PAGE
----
Buying A Pet – Investing In Happiness 27 Comments
They say money can’t buy happiness, but there sure are a lot of things you can buy that contribute to your mental well being. Unfortunately having money tends to lead to excessive worry about accumulating more money and more possessions.
In my case, I’d have to say my best investment has been my two cats, hands down, or should I say paws down? No I have not exploited my pets putting them in commercials or turned them into the new youtube stars. Instead they help bring me happiness on a daily basis. They just have to jump up in my lap or run to greet me at the door to bring a smile to my face.
Animals just have a way of loving unconditionally and being a reliable companion that is always there. I don’t know if it’s true or not, but they seem to sense when are you feeling down and make a point of giving you some attention.
I think I must’ve got my love for animals from my dad. My parents divorced when I was still quite young and I primarily lived with my mom. Unfortunately we were always too busy to have any pets, as proven by the short lives of the baby turtles we had for a while. Sorry little turtles! My dad on the other hand lived in the country and always had multiple animals. He always had a dog or two and usually cats, but at different times he also had a horse, goats, rabbits, pigs, chickens and even turkeys.
While many of these animals helped provide for his family, you could tell there was more to it than that. He had a sentimental connection with all his animals and he always treated them very well. The turkeys may have been the exception, since they’ve got a face that not even a mother can love. Damn those things are ugly.
Of course, not everyone should run out and buy a pet or two for instant happiness. There can be a lot of extra costs involved and animals deserve to be treated well. Here are the most obvious expenses associated with owning a pet:
Pet Food – The biggest expense of pet ownership is often the pet food required each day. When you add up the price of all those bags of dry food or cans of wet food, it can be staggering. My cats are spoiled and prefer to have dry food throughout the day and then a bit of wet food for breakfast and dinner. Some cats get by with just dry food or just wet food, but I love my cats and it is tough to break their routines once they become habit. I like to give them treats occasionally too.
Veterinarian Bills – When you first get a pet, you need to take it to the vet for immunization shots and a checkup. This helps prevent any common sickness and ensures he or she doesn’t have any health issues that need to be addressed. If it’s not done already, certain animals should be spayed or neutered. Most pets also need annual checkups and additional shots. Once your pet gets older, more expensive medical procedures may be required.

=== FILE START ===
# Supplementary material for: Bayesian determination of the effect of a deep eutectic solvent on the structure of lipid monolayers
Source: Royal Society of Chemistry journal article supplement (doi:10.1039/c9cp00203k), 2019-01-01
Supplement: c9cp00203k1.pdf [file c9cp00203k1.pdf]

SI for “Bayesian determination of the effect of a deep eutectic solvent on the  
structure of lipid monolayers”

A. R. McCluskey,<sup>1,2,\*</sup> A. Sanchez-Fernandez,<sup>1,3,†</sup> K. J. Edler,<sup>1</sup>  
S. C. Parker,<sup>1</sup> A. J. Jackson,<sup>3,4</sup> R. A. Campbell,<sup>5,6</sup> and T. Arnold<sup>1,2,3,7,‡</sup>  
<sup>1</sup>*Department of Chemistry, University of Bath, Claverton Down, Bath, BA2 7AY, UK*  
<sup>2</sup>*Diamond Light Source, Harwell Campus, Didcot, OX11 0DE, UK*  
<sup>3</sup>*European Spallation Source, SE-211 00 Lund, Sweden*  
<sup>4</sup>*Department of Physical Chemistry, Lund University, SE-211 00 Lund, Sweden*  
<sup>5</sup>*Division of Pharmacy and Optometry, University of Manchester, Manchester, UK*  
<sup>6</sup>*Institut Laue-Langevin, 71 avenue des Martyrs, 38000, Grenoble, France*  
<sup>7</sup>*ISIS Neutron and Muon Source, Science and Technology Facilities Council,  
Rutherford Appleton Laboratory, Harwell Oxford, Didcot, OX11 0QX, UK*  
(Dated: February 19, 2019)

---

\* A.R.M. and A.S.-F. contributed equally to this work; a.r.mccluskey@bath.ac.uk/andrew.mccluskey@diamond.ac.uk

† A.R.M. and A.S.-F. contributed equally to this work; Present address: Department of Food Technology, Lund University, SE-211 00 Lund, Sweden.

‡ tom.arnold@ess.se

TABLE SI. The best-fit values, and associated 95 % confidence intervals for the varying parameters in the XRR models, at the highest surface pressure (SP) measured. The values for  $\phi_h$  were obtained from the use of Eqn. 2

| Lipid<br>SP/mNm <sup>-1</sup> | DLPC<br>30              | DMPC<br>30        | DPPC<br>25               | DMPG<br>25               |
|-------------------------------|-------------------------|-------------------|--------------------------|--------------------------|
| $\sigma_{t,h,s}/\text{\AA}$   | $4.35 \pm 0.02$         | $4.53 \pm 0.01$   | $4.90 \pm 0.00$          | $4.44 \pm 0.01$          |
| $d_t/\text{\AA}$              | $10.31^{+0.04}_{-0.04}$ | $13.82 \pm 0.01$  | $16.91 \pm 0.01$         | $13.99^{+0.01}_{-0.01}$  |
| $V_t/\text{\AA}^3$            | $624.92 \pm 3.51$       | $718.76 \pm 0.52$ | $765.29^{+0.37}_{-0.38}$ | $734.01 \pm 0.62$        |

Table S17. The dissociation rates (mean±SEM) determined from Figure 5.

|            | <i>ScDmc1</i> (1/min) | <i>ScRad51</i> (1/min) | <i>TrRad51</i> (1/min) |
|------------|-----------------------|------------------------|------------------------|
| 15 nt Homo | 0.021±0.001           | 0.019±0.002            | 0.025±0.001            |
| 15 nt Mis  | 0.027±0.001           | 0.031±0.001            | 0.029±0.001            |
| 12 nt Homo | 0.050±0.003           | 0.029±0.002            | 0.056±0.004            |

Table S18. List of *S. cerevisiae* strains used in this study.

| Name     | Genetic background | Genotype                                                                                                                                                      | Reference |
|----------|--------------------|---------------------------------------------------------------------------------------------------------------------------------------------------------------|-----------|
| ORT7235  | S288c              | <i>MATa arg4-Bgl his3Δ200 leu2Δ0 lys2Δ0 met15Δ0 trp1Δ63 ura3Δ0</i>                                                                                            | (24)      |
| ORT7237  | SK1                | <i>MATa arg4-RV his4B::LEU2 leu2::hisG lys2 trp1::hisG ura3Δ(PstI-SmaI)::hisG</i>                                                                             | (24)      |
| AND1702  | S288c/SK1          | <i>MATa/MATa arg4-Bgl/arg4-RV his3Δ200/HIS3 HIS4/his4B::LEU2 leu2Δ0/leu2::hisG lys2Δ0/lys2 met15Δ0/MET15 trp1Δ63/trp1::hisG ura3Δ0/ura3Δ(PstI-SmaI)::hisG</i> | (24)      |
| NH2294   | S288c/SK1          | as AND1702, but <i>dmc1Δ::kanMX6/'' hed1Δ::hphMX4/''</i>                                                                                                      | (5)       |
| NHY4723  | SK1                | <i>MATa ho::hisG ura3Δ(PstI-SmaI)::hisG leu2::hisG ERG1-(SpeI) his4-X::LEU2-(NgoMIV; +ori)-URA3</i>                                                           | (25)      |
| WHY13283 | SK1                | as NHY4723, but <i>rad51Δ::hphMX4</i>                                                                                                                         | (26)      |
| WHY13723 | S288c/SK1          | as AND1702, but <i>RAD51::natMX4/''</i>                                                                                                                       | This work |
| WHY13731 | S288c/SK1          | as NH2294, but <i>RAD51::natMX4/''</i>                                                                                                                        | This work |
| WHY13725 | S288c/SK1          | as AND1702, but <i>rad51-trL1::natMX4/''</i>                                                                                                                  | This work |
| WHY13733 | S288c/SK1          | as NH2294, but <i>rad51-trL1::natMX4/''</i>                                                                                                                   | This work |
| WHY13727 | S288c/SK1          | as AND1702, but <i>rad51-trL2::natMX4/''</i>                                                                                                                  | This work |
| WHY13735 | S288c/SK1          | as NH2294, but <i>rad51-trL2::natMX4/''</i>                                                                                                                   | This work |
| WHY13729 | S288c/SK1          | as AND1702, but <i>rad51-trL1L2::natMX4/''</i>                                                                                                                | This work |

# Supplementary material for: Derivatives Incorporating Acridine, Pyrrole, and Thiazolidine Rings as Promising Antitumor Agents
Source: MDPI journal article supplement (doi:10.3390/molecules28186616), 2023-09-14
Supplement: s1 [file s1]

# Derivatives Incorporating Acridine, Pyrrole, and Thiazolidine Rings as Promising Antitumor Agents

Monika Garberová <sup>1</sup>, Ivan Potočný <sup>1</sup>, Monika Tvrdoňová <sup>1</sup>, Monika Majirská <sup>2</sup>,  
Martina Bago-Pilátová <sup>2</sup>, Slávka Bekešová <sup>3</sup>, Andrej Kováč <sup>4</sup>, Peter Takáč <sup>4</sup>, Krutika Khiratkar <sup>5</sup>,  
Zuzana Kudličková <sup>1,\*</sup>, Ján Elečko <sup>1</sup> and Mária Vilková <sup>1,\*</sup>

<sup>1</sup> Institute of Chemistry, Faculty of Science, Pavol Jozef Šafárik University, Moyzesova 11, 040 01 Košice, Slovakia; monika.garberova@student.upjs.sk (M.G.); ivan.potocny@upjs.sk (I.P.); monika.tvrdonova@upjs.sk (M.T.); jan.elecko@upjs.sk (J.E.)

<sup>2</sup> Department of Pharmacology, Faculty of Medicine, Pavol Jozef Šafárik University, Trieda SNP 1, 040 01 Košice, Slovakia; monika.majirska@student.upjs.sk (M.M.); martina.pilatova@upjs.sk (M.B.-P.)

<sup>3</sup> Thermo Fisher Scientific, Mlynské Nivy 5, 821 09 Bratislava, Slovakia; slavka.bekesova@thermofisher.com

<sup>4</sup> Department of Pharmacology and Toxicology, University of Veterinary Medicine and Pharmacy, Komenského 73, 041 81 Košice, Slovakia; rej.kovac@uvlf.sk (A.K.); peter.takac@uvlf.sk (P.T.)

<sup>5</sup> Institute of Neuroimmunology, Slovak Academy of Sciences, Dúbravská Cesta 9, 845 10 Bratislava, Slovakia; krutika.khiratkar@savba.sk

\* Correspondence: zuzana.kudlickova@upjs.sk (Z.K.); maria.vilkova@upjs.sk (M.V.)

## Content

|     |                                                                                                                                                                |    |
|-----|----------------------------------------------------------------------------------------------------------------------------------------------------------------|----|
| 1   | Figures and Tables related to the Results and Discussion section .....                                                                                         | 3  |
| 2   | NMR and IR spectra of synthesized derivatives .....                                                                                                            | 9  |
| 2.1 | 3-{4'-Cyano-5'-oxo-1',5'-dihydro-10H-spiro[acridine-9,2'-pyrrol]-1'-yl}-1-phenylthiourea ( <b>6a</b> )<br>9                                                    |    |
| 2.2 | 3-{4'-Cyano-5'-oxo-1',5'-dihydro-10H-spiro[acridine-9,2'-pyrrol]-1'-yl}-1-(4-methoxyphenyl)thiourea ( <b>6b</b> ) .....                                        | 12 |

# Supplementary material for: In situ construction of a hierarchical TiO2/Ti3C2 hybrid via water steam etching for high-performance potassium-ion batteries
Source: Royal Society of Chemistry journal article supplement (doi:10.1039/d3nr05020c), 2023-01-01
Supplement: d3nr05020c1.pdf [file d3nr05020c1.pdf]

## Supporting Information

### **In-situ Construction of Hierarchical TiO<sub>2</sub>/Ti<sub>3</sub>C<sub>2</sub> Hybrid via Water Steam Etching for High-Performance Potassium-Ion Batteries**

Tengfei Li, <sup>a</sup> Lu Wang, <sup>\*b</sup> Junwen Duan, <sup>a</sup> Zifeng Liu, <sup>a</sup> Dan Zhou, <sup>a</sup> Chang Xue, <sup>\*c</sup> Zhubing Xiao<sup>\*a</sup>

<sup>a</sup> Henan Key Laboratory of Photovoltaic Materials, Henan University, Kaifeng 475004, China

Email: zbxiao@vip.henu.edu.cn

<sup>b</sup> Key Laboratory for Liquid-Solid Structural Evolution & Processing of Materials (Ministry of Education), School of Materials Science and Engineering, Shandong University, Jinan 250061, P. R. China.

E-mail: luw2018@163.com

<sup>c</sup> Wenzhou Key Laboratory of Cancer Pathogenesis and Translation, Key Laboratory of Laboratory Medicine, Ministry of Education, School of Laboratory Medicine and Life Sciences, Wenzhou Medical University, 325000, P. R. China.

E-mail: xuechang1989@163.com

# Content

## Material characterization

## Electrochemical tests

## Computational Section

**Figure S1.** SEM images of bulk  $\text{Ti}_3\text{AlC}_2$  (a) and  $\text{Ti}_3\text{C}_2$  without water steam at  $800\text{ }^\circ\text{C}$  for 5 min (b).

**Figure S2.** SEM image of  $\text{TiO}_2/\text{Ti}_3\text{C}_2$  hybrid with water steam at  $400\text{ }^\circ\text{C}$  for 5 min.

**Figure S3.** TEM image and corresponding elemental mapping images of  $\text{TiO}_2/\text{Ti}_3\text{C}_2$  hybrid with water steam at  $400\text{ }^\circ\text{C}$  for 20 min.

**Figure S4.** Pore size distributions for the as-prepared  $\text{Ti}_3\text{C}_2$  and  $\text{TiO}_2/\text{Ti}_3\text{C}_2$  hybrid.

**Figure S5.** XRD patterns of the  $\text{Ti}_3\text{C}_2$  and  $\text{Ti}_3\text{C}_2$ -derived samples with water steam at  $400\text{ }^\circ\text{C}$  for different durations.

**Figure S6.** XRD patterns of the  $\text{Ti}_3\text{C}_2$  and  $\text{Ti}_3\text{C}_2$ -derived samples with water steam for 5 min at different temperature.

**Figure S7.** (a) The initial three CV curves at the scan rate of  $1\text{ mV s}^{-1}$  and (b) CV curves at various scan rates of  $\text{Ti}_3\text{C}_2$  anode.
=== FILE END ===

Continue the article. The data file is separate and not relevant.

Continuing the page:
Pet Entertainment – No you don’t need to bring your pet to the movies or pricy dinner dates. Cats and dogs in particular get restless though. They like to have some kind of toys to relieve their boredom. Some toys like a tennis ball or a fake mouse don’t cost much individually, but you can be sure your pet will try to tear it apart as quickly as possible. I also have a cat house for them to climb up and perch upon. This provides entertainment and stops them from clawing other furniture. One of my cats is a catnip junkie too. You should see his eyes light up when he thinks some is coming his way.
Pet Litter – Unless you have a pet that does its business outside, you usually need to buy some type of litter. This makes the waste disposal easier and masks some of the smell. At first I was using the gravel style litter, but it was messy and cost a lot. Upon the advice of VOKRA (Vancouver Orphan Kitten Rescue Association), I switched to wood pellets for litter. Not only was this a more natural solution, but it was also much cheaper.
Grooming – Not all pets require grooming and sometimes it can be done at home. It depends on what kind of pet you have. With my cats, I handle the grooming myself, but I still bought a decent brush to avoid hairballs. Some pets need extra grooming that is best done by a professional. You don’t want your pet’s fur to get all knotted up causing pain. If you live in a warm climate, your pet might need a summer haircut to keep him cooled down.
Different animals come with different expenses. There are other things to consider such as training, shelter, transportation cages, identification microchips, leashes and more. Furniture may even need to be replaced more frequently. It is almost as expensive as having a baby.
So before jumping into pet ownership, ensure it can actually fit in your budget comfortably. You will probably become so attached with your pet that you won’t want to skimp on any of these things.
Also, try to get your pet from a local animal shelter or animal rescue organization. It will be cheaper and you will be helping an animal that desperately needs a home. If they don’t find a home quick enough, many are put down. Avoid breeders unless you can be sure that they put the animals ahead of profits. Since many areas have unacceptably weak animal treatment laws, some breeders treat their business like a sweatshop. Such animals are kept in very sad conditions and the parent animals get pushed beyond their limits. Not all breeders are run like this, but would you rather overpay for a purebred or rescue an animal that is just as adorable and lovable?
I am interested to know what kind of pets you have. Feel free to leave a comment about your pets and how it affects your finances or daily life.